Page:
Friday, August 10th, 2012
A team of archaeologists from the Austrian Archaeological Institute and the Austrian Academy of Sciences have found the skeletal remains of 16 right hands buried under an ancient palace in Tell el-Daba, Egypt. The hands are about 3,600 years old and date to when Canaanite Hyksos rulers controlled parts of Egypt. Modern day Tell el-Daba was known then as Avaris, and, strategically positioned on the Nile Delta, it was the capital of Hyksos Egypt. At the time the hands were buried, the Hyksos King Khayan ruled from the palace at Avaris.
Two of the pits were discovered in the forecourt of the palace. They had 14 hands between them. Two more pits with one hand each were discovered under a four-columned building that appears to have been an extension added to serve a ceremonial or religious purpose. The hands were likely buried for ritual reasons, as offerings to the gods.
All of the hands are large and would have once been attached to soldiers. We don’t know if those soldiers were Egyptian or from elsewhere in the Levant, but we do know they were spoils of war. It’s a handy (GET IT?!) way to tally your kills. Warriors would remove the right hand from enemy soldiers they had killed and then present them to the king or representative official in exchange for “gold of valor.” In this case, once the severed hands were redeemed for gold, they were ritually buried.
Cutting off the right hand of your enemy also had a symbolic and religious purpose: it removed a warrior’s strength, his means to wield a weapon, and left him defanged and crippled in the afterlife.
This practice has been documented on tomb and temple reliefs, but this is the first time physical evidence of it has been discovered. Here’s a first person description of a warrior securing his gold of valor about 80 years after the hands were buried in Avaris. It’s a complete biography inscribed on the tomb of Ahmose, a soldier who fought under Pharaohs Ahmose I, Amenhotep I, and Thutmose I. Under Pharaoh Ahmose I, he fought against the Hyksos in the battle of Avaris and in the three-year siege of Sharuhen. Under later pharaohs, he fought against the Mitanni in Mesopotamia and rebellious Nubians in the Nile valley.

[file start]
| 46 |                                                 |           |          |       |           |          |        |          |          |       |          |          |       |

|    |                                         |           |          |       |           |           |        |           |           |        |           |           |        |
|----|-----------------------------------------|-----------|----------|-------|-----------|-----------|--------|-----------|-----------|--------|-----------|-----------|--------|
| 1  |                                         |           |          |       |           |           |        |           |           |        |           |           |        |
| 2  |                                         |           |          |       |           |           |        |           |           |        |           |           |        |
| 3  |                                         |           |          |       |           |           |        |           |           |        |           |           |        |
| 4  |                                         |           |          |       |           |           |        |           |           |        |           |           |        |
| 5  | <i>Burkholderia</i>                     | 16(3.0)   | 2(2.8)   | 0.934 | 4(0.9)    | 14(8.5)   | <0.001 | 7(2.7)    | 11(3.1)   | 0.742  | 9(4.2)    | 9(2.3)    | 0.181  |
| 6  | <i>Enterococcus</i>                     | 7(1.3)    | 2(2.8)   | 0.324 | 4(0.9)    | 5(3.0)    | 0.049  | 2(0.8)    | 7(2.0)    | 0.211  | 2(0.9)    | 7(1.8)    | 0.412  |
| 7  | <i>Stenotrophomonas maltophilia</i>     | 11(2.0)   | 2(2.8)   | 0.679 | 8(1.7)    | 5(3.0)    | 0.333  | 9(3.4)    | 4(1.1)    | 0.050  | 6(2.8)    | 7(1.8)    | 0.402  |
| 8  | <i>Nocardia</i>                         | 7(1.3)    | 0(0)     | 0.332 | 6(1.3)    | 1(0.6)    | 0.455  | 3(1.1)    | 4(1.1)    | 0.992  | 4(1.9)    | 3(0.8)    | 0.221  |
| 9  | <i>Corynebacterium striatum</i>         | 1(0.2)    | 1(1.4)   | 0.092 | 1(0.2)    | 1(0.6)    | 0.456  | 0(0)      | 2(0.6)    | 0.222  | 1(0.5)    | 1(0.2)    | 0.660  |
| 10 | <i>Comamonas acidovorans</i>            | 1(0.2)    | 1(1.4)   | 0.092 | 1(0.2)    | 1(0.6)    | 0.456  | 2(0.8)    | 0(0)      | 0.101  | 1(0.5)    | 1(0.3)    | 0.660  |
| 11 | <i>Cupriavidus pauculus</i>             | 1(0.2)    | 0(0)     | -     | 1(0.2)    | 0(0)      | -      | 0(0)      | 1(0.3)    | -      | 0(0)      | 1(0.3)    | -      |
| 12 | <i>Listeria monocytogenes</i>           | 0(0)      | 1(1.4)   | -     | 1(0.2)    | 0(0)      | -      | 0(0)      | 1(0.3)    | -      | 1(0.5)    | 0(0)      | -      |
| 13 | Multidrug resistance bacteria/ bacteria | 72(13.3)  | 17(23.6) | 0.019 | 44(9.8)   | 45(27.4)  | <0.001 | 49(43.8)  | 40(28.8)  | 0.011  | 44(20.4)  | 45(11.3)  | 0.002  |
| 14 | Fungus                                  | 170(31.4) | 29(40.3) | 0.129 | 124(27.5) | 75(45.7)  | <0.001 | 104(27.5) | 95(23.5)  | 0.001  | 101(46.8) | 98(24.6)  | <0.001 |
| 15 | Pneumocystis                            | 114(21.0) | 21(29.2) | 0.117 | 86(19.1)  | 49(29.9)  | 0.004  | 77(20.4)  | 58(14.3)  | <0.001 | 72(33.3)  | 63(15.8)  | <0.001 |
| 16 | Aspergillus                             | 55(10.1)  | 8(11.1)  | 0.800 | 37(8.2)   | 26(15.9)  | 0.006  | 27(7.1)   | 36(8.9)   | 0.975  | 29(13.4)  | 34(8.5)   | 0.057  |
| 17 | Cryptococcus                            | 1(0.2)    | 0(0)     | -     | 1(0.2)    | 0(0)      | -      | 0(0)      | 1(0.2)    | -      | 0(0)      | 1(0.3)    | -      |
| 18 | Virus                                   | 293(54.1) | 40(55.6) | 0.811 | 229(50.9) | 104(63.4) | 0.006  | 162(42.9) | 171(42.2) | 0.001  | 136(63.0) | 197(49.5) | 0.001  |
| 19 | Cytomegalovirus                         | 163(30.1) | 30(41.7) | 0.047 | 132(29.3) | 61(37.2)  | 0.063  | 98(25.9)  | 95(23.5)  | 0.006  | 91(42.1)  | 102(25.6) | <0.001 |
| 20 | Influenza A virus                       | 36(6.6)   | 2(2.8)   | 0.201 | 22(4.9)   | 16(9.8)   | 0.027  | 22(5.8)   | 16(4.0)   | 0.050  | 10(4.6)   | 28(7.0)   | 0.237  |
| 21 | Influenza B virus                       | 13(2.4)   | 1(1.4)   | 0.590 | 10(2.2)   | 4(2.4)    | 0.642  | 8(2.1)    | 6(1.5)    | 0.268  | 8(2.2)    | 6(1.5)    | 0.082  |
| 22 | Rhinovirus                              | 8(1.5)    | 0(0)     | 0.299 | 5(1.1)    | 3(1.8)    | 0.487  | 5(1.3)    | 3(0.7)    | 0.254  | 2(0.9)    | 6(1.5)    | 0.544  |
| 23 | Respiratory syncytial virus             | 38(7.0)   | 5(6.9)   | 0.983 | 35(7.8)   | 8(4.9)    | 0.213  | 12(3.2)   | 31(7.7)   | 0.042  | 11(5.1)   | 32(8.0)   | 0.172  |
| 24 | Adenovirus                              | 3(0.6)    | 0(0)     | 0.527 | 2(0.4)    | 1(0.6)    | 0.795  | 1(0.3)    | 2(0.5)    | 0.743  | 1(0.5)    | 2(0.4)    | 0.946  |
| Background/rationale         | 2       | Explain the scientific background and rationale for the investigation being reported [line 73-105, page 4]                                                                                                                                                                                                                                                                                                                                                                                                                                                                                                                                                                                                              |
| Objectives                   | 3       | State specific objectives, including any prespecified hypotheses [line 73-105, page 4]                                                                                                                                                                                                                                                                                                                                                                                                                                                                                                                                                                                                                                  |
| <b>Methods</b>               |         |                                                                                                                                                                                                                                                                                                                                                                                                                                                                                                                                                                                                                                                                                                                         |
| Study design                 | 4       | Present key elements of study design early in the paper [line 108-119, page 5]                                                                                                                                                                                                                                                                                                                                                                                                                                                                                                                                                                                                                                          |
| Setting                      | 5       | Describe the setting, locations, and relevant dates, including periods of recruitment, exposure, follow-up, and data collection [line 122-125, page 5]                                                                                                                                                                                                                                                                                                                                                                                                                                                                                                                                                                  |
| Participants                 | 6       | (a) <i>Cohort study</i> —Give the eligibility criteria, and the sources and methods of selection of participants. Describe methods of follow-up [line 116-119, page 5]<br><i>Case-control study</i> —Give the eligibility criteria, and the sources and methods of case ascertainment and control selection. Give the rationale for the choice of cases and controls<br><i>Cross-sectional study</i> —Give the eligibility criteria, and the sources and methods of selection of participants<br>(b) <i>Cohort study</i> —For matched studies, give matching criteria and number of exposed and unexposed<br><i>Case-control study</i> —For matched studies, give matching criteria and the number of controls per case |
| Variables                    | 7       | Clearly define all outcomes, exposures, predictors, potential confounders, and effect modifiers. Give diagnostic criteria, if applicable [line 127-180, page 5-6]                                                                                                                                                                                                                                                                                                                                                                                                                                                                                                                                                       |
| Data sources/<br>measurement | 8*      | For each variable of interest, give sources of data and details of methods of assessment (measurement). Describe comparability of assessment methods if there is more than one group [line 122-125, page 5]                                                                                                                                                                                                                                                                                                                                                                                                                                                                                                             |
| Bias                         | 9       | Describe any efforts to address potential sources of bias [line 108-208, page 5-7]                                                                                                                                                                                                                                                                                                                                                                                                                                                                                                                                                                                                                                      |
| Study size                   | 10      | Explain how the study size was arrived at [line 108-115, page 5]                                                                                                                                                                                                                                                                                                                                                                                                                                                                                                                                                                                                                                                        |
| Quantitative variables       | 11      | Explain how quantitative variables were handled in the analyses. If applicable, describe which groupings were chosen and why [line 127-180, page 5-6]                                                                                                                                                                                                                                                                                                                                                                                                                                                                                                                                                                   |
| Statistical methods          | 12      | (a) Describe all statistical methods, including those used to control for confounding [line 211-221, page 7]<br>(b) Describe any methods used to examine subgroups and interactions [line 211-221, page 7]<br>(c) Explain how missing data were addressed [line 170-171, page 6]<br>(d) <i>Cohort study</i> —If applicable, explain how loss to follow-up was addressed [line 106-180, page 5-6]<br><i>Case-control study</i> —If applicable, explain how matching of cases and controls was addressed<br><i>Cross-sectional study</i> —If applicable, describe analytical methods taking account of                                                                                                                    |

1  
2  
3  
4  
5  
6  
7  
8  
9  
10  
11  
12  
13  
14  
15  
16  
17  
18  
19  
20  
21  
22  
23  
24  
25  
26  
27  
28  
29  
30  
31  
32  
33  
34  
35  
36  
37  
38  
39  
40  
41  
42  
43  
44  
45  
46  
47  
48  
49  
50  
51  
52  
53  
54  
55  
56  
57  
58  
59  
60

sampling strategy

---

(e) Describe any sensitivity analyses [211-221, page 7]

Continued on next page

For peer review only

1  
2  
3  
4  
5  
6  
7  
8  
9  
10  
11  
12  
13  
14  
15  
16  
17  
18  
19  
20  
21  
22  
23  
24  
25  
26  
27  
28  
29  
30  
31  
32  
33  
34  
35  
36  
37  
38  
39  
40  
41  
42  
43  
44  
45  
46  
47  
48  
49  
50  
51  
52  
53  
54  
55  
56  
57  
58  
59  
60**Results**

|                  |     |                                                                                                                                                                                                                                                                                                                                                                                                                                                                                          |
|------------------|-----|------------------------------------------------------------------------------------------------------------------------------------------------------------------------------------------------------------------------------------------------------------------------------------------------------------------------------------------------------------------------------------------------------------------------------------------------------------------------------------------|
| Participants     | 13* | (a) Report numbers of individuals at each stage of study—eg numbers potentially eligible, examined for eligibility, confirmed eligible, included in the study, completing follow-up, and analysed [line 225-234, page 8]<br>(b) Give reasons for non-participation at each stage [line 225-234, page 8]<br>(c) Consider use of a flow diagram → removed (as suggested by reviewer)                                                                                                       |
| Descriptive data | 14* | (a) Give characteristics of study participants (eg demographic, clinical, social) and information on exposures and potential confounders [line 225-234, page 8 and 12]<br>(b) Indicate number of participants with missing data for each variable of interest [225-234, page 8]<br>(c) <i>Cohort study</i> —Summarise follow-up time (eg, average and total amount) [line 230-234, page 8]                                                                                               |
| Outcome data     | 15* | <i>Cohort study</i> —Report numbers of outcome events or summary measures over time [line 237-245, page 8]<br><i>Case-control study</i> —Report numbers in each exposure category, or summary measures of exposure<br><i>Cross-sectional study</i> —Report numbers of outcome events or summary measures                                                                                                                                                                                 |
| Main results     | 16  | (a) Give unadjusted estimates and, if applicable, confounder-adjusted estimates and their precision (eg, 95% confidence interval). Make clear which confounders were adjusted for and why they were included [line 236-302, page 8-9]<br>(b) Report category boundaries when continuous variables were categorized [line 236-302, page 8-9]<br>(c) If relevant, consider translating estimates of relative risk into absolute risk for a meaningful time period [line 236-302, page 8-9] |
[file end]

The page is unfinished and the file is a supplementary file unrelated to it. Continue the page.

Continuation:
Then there was fighting on the water in “P’a-djedku” of Avaris. I made a seizure and carried off a hand. When it was reported to the royal herald the gold of valour was given to me. Then they fought again in this place; I again made a seizure there and carried off a hand. Then I was given the gold of valour once again. [...]
Then Sharuhen was besieged for three years. His majesty despoiled it and I brought spoil from it: two women and a hand. Then the gold of valour was given me, and my captives were given to me as slaves. [...]
Now when his majesty had slain the nomads of Asia, he sailed south to Khent-hen-nefer, to destroy the Nubian Bowmen. His majesty made a great slaughter among them, and I brought spoil from there: two living men and three hands. Then I was rewarded with gold once again, and two female slaves were given to me.
The practice continued undeterred for centuries. Four hundred years after the Avaris hands were buried, massive reliefs on the outer pylons of Rameses III’s mortuary temple at Medinet Habu depict officials emptying out baskets full of severed hands to tally the dead in the Libyan War and then presenting them to Rameses.
It’s not clear from the historical record where this practice originated. It could have been introduced by the Hyksos, or the Hyksos could have picked it up in Egypt, or it could have been adopted from a third party.